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Difference Between Pure Olive Oil and Extra Virgin and how to choose - image of olive oil being poured into a glass bowl near olives and kitchen tools

Difference Between Pure Olive Oil and Extra Virgin

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Decoding the Difference: Pure Olive Oil vs. Extra Virgin Olive Oil

Navigating olive oil choices can be a tedious task when faced with options like pure olive oil vs extra virgin olive oil (EVOO). While both are derived from olives, their production processes and qualities vary significantly. Understanding the difference between pure olive oil and extra virgin helps you know when to use one versus the other. Especially because EVOO is so much more expensive than pure, you’ll want to be sure not to waste it.

What is Pure Olive Oil?

Pure olive oil, also known as just “olive oil,” “refined olive oil” or “regular olive oil,” is a type of oil that undergoes a refining process. This refining process involves filtering and refining the oil to remove any impurities and neutralize strong flavors. As a result, pure olive oil has a milder flavor compared to extra virgin olive oil. Brightland, a California olive oil company has a good article explaining the refining processes that pure olive oil undertakes.

What is Extra Virgin Olive Oil?

Extra virgin olive oil (EVOO) is the highest grade of olive oil, renowned for its superior quality and flavor. It is extracted from olives using mechanical methods, without the use of chemicals or excessive heat. This gentle extraction preserves the natural flavors, nutrients, and antioxidants present in the olives. The result is a rich, fruity taste with a distinct peppery finish.

Key Differences Between the Oils

  1. Flavor: Pure olive oil has a more neutral flavor profile, making it suitable for cooking applications where a subtle taste is desired. On the other hand, EVOO oil boasts a robust flavor profile, characterized by fruity notes and a peppery kick, making it ideal for drizzling over salads or dipping bread.
  2. Acidity: Extra virgin olive oil has a lower acidity level (below 0.8%) compared to pure olive oil. Pure olive oil may have a slightly higher acidity due to the refining process. The lower acidity of EVOO contributes to its superior taste and quality.
  3. Nutritional Value: Extra virgin olive oil retains more of the natural antioxidants and beneficial compounds found in olives. These compounds, such as polyphenols and vitamin E, make it a healthier option compared to pure olive oil.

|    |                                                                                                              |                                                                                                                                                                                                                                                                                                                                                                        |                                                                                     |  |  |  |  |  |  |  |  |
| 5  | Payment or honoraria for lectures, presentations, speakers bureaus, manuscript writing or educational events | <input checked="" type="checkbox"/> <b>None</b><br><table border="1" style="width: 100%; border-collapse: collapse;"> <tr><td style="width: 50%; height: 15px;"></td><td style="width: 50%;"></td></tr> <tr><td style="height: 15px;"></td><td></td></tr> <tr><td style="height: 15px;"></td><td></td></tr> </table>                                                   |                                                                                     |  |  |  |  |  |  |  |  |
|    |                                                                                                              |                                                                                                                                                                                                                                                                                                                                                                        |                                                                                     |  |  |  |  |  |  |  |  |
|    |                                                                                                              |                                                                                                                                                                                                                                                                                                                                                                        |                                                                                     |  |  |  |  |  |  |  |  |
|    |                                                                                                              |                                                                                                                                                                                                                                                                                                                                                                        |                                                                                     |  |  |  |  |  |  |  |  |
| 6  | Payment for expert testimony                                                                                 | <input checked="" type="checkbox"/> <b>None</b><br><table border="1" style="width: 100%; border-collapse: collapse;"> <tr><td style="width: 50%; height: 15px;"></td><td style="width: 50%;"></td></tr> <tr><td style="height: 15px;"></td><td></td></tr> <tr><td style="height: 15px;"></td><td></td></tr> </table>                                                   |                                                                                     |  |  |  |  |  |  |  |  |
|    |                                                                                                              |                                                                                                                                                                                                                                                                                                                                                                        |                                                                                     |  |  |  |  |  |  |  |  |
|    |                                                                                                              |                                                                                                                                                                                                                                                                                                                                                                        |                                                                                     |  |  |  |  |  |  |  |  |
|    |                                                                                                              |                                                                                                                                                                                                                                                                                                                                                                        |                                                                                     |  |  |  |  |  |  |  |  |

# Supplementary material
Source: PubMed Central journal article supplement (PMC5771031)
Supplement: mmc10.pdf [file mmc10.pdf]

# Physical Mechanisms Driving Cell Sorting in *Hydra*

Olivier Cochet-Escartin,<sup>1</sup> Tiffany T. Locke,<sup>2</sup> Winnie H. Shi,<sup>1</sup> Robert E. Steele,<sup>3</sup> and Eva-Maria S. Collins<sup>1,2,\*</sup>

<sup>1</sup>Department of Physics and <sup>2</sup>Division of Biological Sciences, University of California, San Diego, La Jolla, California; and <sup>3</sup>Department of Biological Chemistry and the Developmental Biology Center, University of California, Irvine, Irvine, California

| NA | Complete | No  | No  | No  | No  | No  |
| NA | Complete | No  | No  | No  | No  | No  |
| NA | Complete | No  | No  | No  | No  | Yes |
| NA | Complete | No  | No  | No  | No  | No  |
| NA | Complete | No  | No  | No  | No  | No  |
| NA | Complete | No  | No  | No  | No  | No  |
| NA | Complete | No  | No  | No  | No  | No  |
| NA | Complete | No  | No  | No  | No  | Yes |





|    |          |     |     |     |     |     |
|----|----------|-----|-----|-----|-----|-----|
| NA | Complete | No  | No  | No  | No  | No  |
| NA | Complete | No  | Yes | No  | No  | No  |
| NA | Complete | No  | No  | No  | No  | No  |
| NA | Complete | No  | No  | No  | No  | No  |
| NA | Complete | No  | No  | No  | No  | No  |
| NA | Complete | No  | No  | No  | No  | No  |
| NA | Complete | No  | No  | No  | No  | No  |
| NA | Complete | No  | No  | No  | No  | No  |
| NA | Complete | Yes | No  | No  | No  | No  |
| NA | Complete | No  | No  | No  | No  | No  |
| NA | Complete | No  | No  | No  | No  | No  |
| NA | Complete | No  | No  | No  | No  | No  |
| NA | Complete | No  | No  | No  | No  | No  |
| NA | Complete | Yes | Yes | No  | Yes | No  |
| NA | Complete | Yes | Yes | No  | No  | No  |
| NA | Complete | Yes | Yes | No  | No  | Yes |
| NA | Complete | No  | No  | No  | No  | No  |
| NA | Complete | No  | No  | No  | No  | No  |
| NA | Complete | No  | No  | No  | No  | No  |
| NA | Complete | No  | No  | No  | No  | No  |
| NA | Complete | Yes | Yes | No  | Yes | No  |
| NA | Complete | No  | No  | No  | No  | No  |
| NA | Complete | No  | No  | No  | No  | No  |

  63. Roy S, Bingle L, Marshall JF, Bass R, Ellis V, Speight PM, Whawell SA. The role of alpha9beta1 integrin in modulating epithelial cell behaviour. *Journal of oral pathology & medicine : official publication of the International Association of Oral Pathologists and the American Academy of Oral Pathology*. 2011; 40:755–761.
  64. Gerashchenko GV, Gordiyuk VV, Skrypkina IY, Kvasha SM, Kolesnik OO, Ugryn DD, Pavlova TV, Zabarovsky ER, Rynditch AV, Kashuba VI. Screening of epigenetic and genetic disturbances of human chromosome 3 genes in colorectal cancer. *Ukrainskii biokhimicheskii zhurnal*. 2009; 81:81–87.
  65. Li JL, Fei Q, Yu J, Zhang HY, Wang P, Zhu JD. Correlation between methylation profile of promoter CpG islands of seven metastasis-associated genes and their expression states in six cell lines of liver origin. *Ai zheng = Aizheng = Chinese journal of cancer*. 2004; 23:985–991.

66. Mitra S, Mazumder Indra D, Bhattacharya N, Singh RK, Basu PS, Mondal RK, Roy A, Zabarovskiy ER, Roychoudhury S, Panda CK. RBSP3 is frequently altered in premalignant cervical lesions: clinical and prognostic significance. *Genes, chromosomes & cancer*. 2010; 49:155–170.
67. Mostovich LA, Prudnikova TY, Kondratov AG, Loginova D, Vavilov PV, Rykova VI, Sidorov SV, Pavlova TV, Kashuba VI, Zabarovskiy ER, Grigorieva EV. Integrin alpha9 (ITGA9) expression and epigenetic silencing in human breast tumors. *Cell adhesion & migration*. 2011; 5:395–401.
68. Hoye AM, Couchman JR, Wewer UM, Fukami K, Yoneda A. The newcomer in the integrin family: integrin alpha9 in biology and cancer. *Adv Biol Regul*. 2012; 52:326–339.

Cooking Applications

When to Use Pure Olive Oil

Due to its mild flavor and higher smoke point compared to extra virgin olive oil, pure olive oil is well-suited for sautéing, frying, and baking. Refined olive oil can be heated to 470 °F which is higher than EVOO’s 400 °F smoke point. Thefore, some like to use it for high-heat applications. It also does great in baking applications where you would not want the intense flavor of EVOO. Pure olive oil flavor is more neutral, like a vegetable oil’s flavor. A good rule of thumb to help you decide to use pure olive oil is this: if you aren’t highlighting the olives flavor and want to save money, choose pure olive oil.

When to Use Extra Virgin Olive Oil

With its bold flavor and low smoke point, extra virgin olive oil is best used in recipes where its taste can shine, such as salad dressings, dips, marinades, and finishing drizzles. EVOO should not be subjugated to extreme high heat if you want to keep the intense flavor of the oil. When heated, the delicate flavors of the oil may degrade due to exposure to high temperatures. High temps can potentially alter its taste profile and reduce its antioxidant content.

However, in Mediterranean countries like Greece and Italy, it’s common to fry foods in extra virgin olive oil (EVOO). While some caution against frying with EVOO due to its lower smoke point compared to other oils, many Mediterranean cultures have a long history of using EVOO for cooking, including frying. The key is to use fresh, high-quality EVOO and not let it reach its smoke point (around 375-405 °F). When used properly, frying in EVOO can result in delicious and flavorful dishes.